Now, of course, these people and their dogs can be anywhere - not just in parks. The difference, though, is that in every other activity I suggest on this website, your dog is right near you. Using a recall lead in a park is one situation where your dog won’t be, so I thought it was relevant to stop for a serious reality check on the matter at this point.

No need for paranoia, but be aware of these irresponsible people and their unfortunate dogs, and be extra careful when using a recall lead.

Retractable Lead?

A retractable lead might be longer than an average-length one-metre lead, but it isn’t a recall lead and I don’t advise that you use one for all the reasons I mentioned in Chapter 9: Walkies.

Yes, it’s convenient that the retractable lead retracts as you dog comes closer and extends when he or she goes further away. And, yes, it’s less convenient manually reeling a recall lead in and out as necessary, but a recall lead gives you more control over your dog and that's immensely important. To be a responsible animal guardian, YOU need to be in charge not your dog. Your dog doesn't know about the dangers of city life but you do, so be responsible by staying in charge.

Why Reel In And Out?

If you’ve yet to use a recall lead, you might wonder why you’d need to reel a recall lead in and out at all. An example is if you want your dog to have enough lead length to sniff at a tree, but not so much that he or she can wrap the lead around the tree. In other words, it’s a matter of practicality.

Elasticised Leads?

Recall leads with elasticity don’t give you enough control. The recall
lead you use should be non-springy to give you maximum control.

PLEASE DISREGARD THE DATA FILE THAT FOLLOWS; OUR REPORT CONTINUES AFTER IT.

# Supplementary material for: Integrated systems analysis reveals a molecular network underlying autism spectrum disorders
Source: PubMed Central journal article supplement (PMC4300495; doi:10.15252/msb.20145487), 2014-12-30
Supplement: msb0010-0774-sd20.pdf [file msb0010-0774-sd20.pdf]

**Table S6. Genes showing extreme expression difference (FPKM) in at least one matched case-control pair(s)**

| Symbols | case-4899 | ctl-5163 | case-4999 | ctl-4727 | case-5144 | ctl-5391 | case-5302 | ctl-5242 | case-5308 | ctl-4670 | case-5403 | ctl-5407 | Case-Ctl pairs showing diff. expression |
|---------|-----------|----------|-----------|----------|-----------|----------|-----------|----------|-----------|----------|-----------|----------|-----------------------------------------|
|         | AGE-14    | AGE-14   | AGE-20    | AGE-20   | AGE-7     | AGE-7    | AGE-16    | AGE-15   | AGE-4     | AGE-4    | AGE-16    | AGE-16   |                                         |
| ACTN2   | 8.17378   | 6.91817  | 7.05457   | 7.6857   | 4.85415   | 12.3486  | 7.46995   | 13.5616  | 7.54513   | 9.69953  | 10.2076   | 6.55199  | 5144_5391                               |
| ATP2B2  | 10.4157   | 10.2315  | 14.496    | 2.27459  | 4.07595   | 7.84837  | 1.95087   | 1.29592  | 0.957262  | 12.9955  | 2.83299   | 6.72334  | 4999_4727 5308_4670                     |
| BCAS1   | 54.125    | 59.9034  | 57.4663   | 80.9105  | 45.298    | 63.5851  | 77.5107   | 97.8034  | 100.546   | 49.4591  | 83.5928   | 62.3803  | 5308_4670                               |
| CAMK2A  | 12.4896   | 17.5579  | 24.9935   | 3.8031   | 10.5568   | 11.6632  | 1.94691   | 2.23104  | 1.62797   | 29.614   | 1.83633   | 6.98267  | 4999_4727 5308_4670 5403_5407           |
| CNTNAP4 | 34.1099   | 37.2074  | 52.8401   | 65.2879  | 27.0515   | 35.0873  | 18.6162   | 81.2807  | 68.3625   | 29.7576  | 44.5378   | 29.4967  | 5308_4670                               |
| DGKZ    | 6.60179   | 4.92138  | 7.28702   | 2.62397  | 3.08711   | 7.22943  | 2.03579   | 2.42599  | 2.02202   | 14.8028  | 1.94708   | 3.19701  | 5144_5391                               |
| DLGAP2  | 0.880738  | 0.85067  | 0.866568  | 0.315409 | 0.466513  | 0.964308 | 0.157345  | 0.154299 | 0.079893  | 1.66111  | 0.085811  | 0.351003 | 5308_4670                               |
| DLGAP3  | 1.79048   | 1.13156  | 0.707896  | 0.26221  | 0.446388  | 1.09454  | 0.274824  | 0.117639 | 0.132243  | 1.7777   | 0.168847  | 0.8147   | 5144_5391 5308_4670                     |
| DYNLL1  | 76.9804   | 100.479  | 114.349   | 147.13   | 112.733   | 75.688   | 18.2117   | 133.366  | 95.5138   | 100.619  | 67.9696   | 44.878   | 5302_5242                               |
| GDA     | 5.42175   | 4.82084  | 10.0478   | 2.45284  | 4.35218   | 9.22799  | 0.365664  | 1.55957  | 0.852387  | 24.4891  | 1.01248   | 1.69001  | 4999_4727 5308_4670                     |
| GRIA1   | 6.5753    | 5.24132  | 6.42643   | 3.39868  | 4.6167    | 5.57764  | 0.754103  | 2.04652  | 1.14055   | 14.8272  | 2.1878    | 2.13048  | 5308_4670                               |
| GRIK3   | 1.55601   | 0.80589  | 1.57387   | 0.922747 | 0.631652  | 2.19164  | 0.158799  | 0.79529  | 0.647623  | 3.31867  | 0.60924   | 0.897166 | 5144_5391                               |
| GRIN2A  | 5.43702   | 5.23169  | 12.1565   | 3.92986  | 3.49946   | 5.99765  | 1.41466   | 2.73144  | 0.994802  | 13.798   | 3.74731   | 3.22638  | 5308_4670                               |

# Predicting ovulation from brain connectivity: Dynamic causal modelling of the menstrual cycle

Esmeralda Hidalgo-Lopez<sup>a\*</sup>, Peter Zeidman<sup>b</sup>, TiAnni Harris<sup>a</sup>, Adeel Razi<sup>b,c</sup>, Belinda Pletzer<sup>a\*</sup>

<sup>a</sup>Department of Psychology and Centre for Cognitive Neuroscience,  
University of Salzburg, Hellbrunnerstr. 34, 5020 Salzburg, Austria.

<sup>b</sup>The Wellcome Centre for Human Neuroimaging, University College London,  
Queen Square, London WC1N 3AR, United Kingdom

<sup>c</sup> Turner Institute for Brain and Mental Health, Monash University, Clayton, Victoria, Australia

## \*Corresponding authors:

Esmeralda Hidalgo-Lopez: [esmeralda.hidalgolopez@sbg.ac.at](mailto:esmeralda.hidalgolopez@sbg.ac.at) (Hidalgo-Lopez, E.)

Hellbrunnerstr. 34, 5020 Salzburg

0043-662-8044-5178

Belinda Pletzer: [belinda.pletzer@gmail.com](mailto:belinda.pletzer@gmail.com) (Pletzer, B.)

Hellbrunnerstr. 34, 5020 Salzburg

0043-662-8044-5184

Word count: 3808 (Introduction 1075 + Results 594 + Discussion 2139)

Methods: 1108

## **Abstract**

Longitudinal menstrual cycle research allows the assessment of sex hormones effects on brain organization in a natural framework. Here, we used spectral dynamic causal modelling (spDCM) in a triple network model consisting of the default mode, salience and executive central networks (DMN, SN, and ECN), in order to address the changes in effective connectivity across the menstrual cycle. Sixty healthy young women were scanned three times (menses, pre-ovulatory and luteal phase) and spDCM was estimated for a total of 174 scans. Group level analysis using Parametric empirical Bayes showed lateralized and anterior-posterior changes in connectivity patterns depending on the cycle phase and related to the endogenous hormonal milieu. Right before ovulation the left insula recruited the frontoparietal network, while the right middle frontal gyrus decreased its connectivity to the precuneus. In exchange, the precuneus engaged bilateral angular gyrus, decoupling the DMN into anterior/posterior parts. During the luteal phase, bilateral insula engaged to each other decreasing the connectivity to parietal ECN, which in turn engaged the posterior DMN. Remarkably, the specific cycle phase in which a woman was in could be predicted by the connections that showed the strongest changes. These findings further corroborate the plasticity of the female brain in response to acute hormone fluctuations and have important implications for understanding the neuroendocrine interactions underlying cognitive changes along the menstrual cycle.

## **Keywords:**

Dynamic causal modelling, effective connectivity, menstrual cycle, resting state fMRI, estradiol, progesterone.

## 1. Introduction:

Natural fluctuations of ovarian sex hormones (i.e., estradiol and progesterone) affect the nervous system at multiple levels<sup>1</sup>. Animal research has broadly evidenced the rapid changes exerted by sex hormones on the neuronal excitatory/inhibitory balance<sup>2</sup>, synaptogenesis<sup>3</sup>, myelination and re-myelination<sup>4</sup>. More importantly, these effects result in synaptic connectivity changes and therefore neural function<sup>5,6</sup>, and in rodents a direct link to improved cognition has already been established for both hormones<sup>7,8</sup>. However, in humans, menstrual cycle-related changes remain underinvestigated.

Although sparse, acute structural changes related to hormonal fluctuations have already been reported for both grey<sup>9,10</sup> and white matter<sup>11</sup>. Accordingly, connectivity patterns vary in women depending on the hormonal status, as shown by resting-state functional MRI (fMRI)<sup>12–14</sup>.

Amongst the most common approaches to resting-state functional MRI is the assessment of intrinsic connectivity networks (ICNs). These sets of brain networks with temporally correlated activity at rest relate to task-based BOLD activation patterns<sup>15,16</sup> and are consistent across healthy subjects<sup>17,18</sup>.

Step On The Recall Lead

A dog with a good grasp of the command come is what’s needed when it comes to recall leads, but sometimes, in the height of excitement, a dog won’t come when called.

If you’re in a situation where you must reach your dog quickly, I’ve found that reeling your dog in isn’t the quickest way to do it. Instead, step on the recall lead, and walk along the length of it (as you would a tightrope or a balance beam) until you reach your dog.

Note: Different Names For Recall Leads

When you hunt around for recall leads, some petshops use other names besides "recall lead". You might find they use the terms: long lead, tracking lead, and lunge lead (lunge leads are normally used for horses, but can be used as recall leads for dogs too).

Attach Your Dog To You

Attach the recall lead to you via your adjustable lead.
As with on-lead walks, be mindful of your lower back by always
keeping one or two hands on the lead at all times.


Detour: A Big Dog Concern

If you’ve got a big, strong dog who runs like the wind, the momentum of such a dog running full-ball and reaching the end of a recall lead could dislocate your shoulder if you already have a pre-existing problem like recurrent dislocation.

The healthcare professional looking after your shoulder is the person to get advice from as to whether you should use a recall lead at all. If you get the go-ahead, be very careful and do weights and Pilates to fortify your shoulders.

Double Detour: Abouuut Face!

Be vigilant of the direction your dog is moving in and make sure you’re facing that way too. What I’m referring to specifically is when you’re facing one direction and your dog decides to tear off behind you.

You facing one way and your dog running at the speed of light in the other will pull back your arm. If you’re not quick to turn around to face the direction your dog is going, the pull could give a sudden and severe stretch (or, worse, a tear) to the muscles and ligaments in the front of your shoulder.